Above Photo: I performed at a friend’s wedding bonfire, photo by Rima Shamieh
Did you ever find yourself going out for an evening and having it lead to experiences that you couldn’t have imagined in your wildest dreams?
Back in 2006, I was making a beautiful line of jewelry, with delicate silver and gold tendrils sprinkled with colored stones. The line was in a lot of stores, and its success made me happy, but I was also burned out, trying to do everything myself. The pieces were cast, which meant I made an original, sent it off to the caster, who returned multiples that I then had to finish by hand. My studio had turned into a one-person factory.
Left Photo: A very popular design from my first collection
For 5 years, I had immersed myself in the jewelry world, to the exclusion of everything else. You could find me at every conference, trade show, reading magazines and books about jewelry. My husband would beg me to talk about something other than jewelry. But around this time a friend invited me to see her Middle Eastern drum performance, and even though I was working overtime getting ready for a trade show, I knew that she really wanted me to be there.
What happened that night was one of those moments when life switches course irrevocably, and a new path opens up. My friend was accompanying a belly-dance group. After the student performances, a dancer named Kaeshi took the stage. Her style of belly dance was magical, and I was awestruck. She wasn’t Middle Eastern, and her Asian background also led me to ponder the boldness of her choice to become a belly dancer. The combination of who she was and her signature dance created a pull in me that I could not resist. I surprised my husband by telling him, “I want to do that.”
I studied with Kaeshi for 1 1/2 years, thinking of it as fun and fitness, when she started to ask me to perform at her weekly event. I came up with every possible excuse to avoid this terrifying prospect, for a year! Finally, Kaeshi enlisted one of my friends as her ally, and added a couple of cocktails to break my resistance. I actually really wanted to perform, but I was also afraid of what might result.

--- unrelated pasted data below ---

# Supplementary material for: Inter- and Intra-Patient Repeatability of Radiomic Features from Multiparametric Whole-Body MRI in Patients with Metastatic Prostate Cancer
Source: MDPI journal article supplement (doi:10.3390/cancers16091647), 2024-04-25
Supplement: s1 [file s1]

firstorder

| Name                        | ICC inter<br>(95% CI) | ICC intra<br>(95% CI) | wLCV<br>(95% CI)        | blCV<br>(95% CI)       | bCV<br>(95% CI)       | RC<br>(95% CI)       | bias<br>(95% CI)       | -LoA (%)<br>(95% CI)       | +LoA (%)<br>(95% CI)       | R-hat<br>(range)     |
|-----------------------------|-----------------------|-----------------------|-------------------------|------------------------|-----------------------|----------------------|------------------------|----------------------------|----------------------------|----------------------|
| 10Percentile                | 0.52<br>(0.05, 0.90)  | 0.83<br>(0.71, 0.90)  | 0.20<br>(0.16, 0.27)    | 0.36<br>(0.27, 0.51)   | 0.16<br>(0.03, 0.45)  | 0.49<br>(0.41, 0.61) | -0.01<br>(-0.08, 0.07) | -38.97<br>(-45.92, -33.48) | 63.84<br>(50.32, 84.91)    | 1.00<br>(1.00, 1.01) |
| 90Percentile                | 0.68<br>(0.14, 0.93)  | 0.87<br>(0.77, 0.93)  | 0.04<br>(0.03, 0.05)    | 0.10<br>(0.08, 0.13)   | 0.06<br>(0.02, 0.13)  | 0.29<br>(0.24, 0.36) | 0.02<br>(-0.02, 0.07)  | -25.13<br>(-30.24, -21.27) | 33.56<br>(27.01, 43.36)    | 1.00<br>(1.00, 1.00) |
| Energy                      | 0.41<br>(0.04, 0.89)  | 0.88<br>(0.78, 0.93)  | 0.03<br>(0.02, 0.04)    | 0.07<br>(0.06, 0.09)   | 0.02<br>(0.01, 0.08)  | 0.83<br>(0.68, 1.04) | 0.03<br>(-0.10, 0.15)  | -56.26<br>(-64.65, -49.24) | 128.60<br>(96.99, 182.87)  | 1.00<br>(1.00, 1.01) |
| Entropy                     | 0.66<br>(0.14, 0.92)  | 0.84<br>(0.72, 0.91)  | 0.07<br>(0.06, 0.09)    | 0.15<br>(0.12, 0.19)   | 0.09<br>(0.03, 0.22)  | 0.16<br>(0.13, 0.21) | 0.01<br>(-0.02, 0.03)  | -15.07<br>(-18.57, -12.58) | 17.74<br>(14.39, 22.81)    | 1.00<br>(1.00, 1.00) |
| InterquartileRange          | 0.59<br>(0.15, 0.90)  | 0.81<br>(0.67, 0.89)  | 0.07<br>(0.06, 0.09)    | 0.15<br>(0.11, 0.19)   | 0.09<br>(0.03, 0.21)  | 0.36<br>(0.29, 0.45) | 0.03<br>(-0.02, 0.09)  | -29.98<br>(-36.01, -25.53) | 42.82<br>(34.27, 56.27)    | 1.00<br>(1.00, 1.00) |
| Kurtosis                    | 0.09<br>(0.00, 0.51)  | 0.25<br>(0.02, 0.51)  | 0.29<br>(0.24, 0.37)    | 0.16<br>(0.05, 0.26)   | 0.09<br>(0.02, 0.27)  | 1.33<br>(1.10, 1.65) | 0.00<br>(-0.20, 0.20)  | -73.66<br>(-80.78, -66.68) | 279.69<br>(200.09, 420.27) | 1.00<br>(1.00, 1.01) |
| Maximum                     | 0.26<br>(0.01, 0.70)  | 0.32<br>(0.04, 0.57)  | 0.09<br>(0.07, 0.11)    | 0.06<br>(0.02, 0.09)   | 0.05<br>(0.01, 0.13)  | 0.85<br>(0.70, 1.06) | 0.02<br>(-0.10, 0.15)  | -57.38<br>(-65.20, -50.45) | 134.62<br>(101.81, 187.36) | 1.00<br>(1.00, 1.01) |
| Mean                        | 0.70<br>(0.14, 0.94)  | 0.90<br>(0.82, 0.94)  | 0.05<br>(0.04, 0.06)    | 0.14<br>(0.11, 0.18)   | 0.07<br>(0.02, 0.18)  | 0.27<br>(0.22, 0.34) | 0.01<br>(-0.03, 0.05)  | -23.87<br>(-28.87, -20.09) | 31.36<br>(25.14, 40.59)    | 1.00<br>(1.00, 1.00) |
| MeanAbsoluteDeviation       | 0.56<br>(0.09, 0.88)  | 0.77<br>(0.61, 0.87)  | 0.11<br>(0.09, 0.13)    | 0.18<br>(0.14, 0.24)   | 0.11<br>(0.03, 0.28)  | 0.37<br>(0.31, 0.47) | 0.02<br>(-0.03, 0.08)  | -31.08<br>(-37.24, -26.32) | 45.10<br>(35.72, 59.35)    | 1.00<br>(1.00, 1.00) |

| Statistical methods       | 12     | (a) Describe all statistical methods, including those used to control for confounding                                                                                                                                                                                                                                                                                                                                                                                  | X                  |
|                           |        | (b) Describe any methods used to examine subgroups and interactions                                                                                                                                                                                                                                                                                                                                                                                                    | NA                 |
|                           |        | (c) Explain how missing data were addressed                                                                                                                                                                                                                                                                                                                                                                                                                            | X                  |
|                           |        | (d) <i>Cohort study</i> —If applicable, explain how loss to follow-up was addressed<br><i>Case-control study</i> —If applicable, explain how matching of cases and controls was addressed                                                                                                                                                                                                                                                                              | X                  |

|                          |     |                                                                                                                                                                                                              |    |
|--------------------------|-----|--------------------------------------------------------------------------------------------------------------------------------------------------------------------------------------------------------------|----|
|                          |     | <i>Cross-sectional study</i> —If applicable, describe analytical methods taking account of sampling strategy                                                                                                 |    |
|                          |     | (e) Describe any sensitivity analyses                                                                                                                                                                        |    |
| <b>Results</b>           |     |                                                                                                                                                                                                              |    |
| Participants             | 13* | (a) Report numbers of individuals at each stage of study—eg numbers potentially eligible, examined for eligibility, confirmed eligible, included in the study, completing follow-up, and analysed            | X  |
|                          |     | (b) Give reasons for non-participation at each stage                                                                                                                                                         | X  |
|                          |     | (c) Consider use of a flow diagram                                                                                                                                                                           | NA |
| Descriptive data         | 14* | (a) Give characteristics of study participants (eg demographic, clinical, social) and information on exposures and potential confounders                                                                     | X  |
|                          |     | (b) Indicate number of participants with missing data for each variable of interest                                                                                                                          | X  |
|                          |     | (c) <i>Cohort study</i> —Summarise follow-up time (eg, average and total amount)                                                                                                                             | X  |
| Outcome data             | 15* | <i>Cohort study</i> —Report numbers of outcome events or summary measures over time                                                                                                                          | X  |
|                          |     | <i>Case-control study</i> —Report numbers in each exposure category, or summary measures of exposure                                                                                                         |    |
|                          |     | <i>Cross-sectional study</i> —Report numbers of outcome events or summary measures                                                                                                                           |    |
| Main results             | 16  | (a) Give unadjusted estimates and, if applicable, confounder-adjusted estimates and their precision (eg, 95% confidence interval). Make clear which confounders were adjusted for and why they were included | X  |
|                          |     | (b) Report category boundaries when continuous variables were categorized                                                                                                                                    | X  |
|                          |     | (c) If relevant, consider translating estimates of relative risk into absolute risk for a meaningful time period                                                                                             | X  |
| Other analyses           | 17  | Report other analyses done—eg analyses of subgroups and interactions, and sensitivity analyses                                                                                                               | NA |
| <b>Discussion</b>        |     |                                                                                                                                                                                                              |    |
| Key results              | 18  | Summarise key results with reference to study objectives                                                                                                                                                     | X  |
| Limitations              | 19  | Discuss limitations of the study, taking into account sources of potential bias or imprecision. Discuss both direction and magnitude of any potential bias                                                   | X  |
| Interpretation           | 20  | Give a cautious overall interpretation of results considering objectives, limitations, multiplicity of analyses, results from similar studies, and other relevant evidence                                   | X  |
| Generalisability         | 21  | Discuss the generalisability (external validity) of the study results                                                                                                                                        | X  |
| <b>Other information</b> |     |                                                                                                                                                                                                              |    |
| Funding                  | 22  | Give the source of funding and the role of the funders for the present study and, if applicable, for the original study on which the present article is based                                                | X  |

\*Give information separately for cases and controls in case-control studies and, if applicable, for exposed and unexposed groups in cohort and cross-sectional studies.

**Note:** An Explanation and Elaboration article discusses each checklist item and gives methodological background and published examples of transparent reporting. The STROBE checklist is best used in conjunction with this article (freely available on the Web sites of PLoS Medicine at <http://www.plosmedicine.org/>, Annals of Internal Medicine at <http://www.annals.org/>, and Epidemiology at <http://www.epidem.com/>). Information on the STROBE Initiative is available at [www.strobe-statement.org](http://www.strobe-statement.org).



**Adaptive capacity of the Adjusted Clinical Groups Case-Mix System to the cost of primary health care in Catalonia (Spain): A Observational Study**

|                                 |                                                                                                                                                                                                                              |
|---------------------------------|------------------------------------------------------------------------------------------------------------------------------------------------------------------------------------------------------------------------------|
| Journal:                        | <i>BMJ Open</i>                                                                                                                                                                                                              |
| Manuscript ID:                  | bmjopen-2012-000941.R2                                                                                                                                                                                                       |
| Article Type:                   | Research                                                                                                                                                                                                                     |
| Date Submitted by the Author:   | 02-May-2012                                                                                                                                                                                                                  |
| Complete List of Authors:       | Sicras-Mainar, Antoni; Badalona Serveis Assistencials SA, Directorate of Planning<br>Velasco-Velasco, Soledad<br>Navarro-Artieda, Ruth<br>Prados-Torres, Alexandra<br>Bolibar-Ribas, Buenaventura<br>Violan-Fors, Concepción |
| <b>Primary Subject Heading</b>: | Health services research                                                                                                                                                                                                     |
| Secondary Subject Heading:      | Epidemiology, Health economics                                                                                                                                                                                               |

But once I was in, I was in all the way. For that first performance, I surprised Kaeshi by creating my own choreography and my own costume. The reluctant performer turned creative director. This, after a year of cajoling me just to get on the stage! I was overwhelmed by the joy of being on stage, the cheers, the happy faces of the audience.
I started to embrace my performing nature. I found collaborators around downtown NY, working my way up to an all-day dance performance that started in Central Park and wound its way down Fifth Avenue; a stage at the Brooklyn Academy of Music; and even a dance festival in Bali. I explored classical Balinese dance and added some underground dance styles to the mix. I had moments I could not have conceived of in my wildest dreams.
Left Photo: At the House Dance International conference. Photo by Becca Fox
So here I was getting this bold and electric feeling from performing, but in the studio, I was holding myself back. When I looked at myself in those full-length mirrors in the dance studio, I saw that there was a discord between my physical presence and what I was designing. People frequently described my work as “dainty.” Like many women who got tall very young, I was always aware that “dainty” was something I was not. How had I ended up making “dainty” jewelry?
Dance had taught me to release fear of judgment, and pushed me far out of my comfort zone. When I took that back to the studio, what emerged was the Wrought Collection. Big and bold. No longer a cast collection, these pieces were one of a kind and hand-fabricated. It wasn’t that I didn’t love the old work, but this collection represented a more authentic representation of my artistic voice: boldy romantic.
Right Photo: Baroque Wrought Bracelet
Today I am stirring up the creative mix once again. Last year, I focused on developing my business, really getting down to the core of what I do. Concurrently, I was suffering from hip pain that prevented me from dancing. But last Wednesday night, my body was finally ready, and I took to the stage and danced with intensity. Meanwhile, in the more solitary environment of the studio, I am applying an equal intensity to creating new collections. And as I do, I smile thinking of you feeling that electric charge of attention when you wear them.
Have you had an experience like this? Have you ever thought about skipping a performance, gathering, art opening because of over work, only to go and have your life changed forever? If so, please share it with me in the comments, I would love to hear your stories!